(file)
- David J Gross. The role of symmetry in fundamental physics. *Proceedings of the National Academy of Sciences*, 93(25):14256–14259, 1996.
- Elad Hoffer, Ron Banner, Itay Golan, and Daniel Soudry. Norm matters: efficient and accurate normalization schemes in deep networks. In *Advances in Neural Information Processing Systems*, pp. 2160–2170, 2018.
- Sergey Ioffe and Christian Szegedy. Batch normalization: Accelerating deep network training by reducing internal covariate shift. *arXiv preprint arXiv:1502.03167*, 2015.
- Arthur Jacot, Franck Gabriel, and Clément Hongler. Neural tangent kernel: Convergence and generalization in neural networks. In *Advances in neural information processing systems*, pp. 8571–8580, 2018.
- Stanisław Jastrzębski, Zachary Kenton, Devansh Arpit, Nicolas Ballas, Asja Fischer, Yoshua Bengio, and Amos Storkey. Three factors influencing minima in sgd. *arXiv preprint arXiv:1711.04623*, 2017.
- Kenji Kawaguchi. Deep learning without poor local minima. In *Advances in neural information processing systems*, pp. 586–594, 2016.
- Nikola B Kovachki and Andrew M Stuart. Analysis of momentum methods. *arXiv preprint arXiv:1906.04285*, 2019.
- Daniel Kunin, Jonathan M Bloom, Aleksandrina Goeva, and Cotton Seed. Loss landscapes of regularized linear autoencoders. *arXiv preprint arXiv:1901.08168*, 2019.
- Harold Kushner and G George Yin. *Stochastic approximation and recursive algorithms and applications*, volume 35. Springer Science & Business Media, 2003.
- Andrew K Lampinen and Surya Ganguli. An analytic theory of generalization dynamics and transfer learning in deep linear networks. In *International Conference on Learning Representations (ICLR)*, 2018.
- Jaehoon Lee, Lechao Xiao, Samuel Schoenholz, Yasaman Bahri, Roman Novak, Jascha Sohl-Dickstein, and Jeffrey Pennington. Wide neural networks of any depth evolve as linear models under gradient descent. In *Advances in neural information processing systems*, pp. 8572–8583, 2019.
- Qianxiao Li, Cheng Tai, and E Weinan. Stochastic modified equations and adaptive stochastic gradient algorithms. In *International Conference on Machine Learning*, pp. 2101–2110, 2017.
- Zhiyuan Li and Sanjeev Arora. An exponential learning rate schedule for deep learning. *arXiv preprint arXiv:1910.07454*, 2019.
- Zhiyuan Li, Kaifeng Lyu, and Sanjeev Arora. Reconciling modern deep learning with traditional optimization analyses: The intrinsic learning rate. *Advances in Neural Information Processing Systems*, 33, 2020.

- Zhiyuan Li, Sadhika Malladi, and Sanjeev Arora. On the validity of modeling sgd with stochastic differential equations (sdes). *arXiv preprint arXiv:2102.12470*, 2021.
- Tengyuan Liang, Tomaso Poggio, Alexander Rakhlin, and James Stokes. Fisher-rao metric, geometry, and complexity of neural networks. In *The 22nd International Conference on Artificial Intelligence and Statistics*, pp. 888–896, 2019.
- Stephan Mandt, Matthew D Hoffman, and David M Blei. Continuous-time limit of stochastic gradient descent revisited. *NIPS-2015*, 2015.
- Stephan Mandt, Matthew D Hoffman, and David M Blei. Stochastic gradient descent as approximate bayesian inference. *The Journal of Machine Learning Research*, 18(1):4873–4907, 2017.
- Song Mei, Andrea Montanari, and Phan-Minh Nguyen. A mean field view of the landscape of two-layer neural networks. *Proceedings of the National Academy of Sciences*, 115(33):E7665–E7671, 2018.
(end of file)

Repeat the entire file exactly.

- David J Gross. The role of symmetry in fundamental physics. *Proceedings of the National Academy of Sciences*, 93(25):14256–14259, 1996.
- Elad Hoffer, Ron Banner, Itay Golan, and Daniel Soudry. Norm matters: efficient and accurate normalization schemes in deep networks. In *Advances in Neural Information Processing Systems*, pp. 2160–2170, 2018.
- Sergey Ioffe and Christian Szegedy. Batch normalization: Accelerating deep network training by reducing internal covariate shift. *arXiv preprint arXiv:1502.03167*, 2015.
- Arthur Jacot, Franck Gabriel, and Clément Hongler. Neural tangent kernel: Convergence and generalization in neural networks. In *Advances in neural information processing systems*, pp. 8571–8580, 2018.
- Stanisław Jastrzębski, Zachary Kenton, Devansh Arpit, Nicolas Ballas, Asja Fischer, Yoshua Bengio, and Amos Storkey. Three factors influencing minima in sgd. *arXiv preprint arXiv:1711.04623*, 2017.
- Kenji Kawaguchi. Deep learning without poor local minima. In *Advances in neural information processing systems*, pp. 586–594, 2016.
- Nikola B Kovachki and Andrew M Stuart. Analysis of momentum methods. *arXiv preprint arXiv:1906.04285*, 2019.
- Daniel Kunin, Jonathan M Bloom, Aleksandrina Goeva, and Cotton Seed. Loss landscapes of regularized linear autoencoders. *arXiv preprint arXiv:1901.08168*, 2019.
- Harold Kushner and G George Yin. *Stochastic approximation and recursive algorithms and applications*, volume 35. Springer Science & Business Media, 2003.
- Andrew K Lampinen and Surya Ganguli. An analytic theory of generalization dynamics and transfer learning in deep linear networks. In *International Conference on Learning Representations (ICLR)*, 2018.
- Jaehoon Lee, Lechao Xiao, Samuel Schoenholz, Yasaman Bahri, Roman Novak, Jascha Sohl-Dickstein, and Jeffrey Pennington. Wide neural networks of any depth evolve as linear models under gradient descent. In *Advances in neural information processing systems*, pp. 8572–8583, 2019.
- Qianxiao Li, Cheng Tai, and E Weinan. Stochastic modified equations and adaptive stochastic gradient algorithms. In *International Conference on Machine Learning*, pp. 2101–2110, 2017.
- Zhiyuan Li and Sanjeev Arora. An exponential learning rate schedule for deep learning. *arXiv preprint arXiv:1910.07454*, 2019.
- Zhiyuan Li, Kaifeng Lyu, and Sanjeev Arora. Reconciling modern deep learning with traditional optimization analyses: The intrinsic learning rate. *Advances in Neural Information Processing Systems*, 33, 2020.

- Zhiyuan Li, Sadhika Malladi, and Sanjeev Arora. On the validity of modeling sgd with stochastic differential equations (sdes). *arXiv preprint arXiv:2102.12470*, 2021.
- Tengyuan Liang, Tomaso Poggio, Alexander Rakhlin, and James Stokes. Fisher-rao metric, geometry, and complexity of neural networks. In *The 22nd International Conference on Artificial Intelligence and Statistics*, pp. 888–896, 2019.
- Stephan Mandt, Matthew D Hoffman, and David M Blei. Continuous-time limit of stochastic gradient descent revisited. *NIPS-2015*, 2015.
- Stephan Mandt, Matthew D Hoffman, and David M Blei. Stochastic gradient descent as approximate bayesian inference. *The Journal of Machine Learning Research*, 18(1):4873–4907, 2017.
- Song Mei, Andrea Montanari, and Phan-Minh Nguyen. A mean field view of the landscape of two-layer neural networks. *Proceedings of the National Academy of Sciences*, 115(33):E7665–E7671, 2018.